[27] Once that factual finding is made, the principal purpose for which the employee is employed is compared to the relevant classification descriptors to determine which (if any) classifications apply.

[28] In Zheng, we note that there was a finding at first instance that the employee did perform “professional engineering duties”, which was not challenged on appeal. 20 That was not the position in the present case.

[29] We also note in Zheng that the Full Bench ultimately went on to determine the “principal purpose” test in that matter. The applicant in that case contended she was covered by the Level 3 – Professional classification in the Award as a chemical engineer. The respondent in that case contended she fitted no classification. In a subsequent decision (Zheng No 2), it was held that the applicant was covered by the Award at the Level 2 classification descriptor. 21

The decision on appeal

[30] It is not practicable, nor necessary, to set out extensive extracts of the findings from the Decision. The following summary is far from complete but it provides a flavour of the breadth and nuance of some of the factual matters in dispute.

  • The Appellant held a Bachelor of Engineering (Electrical Power Engineering) and Masters of Applied Project Management.
  • From December 2011, he worked as a student engineer and then steadily progressed his career in engineering or project management jobs before accepting employment with the Respondent.
  • The letter of offer from the Respondent dated 14 February 2019 referred in the opening paragraph to the position being that of “Senior Engineer – Projects”. The role description included a role title of “Senior Project Engineer (Electrical/Instrumentation)”.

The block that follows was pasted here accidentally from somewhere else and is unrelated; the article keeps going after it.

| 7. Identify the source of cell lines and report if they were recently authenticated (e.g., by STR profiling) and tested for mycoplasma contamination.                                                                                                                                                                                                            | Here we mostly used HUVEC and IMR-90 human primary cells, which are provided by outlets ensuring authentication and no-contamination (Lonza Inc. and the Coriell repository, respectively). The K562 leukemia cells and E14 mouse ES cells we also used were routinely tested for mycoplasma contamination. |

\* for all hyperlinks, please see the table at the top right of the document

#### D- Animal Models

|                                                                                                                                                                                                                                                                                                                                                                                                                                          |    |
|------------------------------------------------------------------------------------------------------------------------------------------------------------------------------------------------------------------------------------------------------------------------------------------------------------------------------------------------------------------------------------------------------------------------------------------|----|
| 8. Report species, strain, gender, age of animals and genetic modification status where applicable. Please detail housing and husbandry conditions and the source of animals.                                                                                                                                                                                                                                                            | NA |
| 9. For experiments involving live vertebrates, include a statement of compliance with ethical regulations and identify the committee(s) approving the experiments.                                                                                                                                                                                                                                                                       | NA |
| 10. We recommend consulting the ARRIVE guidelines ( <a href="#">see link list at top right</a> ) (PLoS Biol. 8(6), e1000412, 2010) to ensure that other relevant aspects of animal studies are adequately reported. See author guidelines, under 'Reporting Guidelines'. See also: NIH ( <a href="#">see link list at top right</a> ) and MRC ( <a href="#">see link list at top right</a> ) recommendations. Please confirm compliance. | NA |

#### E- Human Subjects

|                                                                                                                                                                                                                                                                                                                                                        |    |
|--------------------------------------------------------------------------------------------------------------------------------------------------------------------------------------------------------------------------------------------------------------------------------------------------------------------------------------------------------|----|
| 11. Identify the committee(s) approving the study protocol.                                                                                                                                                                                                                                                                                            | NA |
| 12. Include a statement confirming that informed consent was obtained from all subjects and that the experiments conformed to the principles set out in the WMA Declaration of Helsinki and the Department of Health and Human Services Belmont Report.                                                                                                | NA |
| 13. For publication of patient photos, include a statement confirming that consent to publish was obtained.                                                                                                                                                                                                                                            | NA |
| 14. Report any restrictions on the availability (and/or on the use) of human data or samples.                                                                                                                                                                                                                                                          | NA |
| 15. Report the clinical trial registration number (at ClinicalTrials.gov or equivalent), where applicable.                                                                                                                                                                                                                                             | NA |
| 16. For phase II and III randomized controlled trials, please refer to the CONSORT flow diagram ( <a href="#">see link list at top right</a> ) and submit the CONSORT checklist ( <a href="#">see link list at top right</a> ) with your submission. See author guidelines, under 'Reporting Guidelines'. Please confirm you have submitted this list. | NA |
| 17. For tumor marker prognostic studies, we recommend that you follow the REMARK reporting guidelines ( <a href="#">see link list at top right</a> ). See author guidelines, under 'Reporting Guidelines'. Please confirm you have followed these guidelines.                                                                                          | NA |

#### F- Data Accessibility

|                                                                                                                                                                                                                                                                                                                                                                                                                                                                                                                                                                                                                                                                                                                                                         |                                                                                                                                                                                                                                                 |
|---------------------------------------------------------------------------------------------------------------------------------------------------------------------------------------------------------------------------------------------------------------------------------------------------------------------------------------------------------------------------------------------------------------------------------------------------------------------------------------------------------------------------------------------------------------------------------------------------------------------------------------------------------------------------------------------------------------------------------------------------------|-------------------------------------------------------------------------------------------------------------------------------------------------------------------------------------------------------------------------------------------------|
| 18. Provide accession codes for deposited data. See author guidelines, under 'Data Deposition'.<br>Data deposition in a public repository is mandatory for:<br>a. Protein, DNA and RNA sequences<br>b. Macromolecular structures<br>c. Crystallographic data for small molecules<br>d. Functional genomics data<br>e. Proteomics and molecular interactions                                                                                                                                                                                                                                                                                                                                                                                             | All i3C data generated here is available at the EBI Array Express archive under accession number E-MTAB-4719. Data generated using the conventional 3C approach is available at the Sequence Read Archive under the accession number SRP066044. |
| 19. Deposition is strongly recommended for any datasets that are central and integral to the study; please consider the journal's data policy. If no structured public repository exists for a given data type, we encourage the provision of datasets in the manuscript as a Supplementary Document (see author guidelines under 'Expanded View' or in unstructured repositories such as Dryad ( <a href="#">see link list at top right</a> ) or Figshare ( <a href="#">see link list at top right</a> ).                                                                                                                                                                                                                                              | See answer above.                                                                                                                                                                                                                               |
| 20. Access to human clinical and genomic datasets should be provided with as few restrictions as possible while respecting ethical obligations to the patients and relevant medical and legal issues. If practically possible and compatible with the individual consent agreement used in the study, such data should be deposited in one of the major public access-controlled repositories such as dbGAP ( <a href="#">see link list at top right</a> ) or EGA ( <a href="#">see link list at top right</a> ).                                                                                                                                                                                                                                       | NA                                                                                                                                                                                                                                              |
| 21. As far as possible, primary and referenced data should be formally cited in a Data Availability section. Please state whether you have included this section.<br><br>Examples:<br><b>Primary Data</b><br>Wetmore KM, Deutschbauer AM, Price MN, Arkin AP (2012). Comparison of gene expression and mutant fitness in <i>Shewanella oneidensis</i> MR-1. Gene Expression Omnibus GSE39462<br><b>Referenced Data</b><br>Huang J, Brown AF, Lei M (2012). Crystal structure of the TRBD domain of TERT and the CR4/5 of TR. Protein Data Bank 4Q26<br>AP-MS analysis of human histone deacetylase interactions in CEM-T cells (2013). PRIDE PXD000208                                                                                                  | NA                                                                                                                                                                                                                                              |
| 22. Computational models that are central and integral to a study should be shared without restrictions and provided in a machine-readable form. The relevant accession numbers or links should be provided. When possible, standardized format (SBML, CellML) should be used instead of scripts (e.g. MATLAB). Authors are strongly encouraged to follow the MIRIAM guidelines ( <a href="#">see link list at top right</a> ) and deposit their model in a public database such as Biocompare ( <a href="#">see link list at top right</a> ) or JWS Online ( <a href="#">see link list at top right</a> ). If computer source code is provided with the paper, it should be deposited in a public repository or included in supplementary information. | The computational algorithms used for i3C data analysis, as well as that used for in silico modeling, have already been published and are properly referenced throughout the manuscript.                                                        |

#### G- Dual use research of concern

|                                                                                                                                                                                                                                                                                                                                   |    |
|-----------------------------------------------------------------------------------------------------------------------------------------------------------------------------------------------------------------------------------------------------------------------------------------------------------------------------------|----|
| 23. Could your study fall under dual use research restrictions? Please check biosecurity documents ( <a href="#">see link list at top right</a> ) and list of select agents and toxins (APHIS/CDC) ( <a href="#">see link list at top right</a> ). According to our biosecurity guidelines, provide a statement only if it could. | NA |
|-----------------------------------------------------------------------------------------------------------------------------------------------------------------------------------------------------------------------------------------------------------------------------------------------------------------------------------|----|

• The role description also referred to a Bachelor Degree in Electrical/Instrumentation Engineering being “essential”.
  • In his emails, the Appellant signed off as “Senior Project Engineer”.

[31] In addition, each of the parties led evidence broadly directed to the Appellant’s work and responsibilities as each party contended was undertaken by the Appellant. The Appellant gave evidence on his own behalf and was subject to cross-examination as were a number of witnesses called by the Respondent. An extensive summary of that evidence is set out by the Commissioner is at [17] – [81] of the Decision.

[32] There are aspects of the above-referred evidence that was more significant to the Commissioner’s ultimate conclusions. In particular:

  • The Respondent led evidence from the Appellant’s supervisor (Ms Beck) to the effect that the Appellant’s job description required an engineering degree so the Appellant would have an understanding of concepts to carry out his duties as a project manager, not as an engineer. She also said the Appellant was not allowed to sign off technical engineering work and those tasks were contracted out. She said the Appellant’s role was to manage contractors.
  • Ms Beck did not hold an engineering degree. Ms Beck also gave evidence of another member of the Appellant’s team (Mr Rogan), who was also employed as a “Senior Project Engineer”. She said Mr Rogan did not have an engineering degree (not disputed) but performed “exactly the same” job as the Appellant (a matter disputed by the Appellant).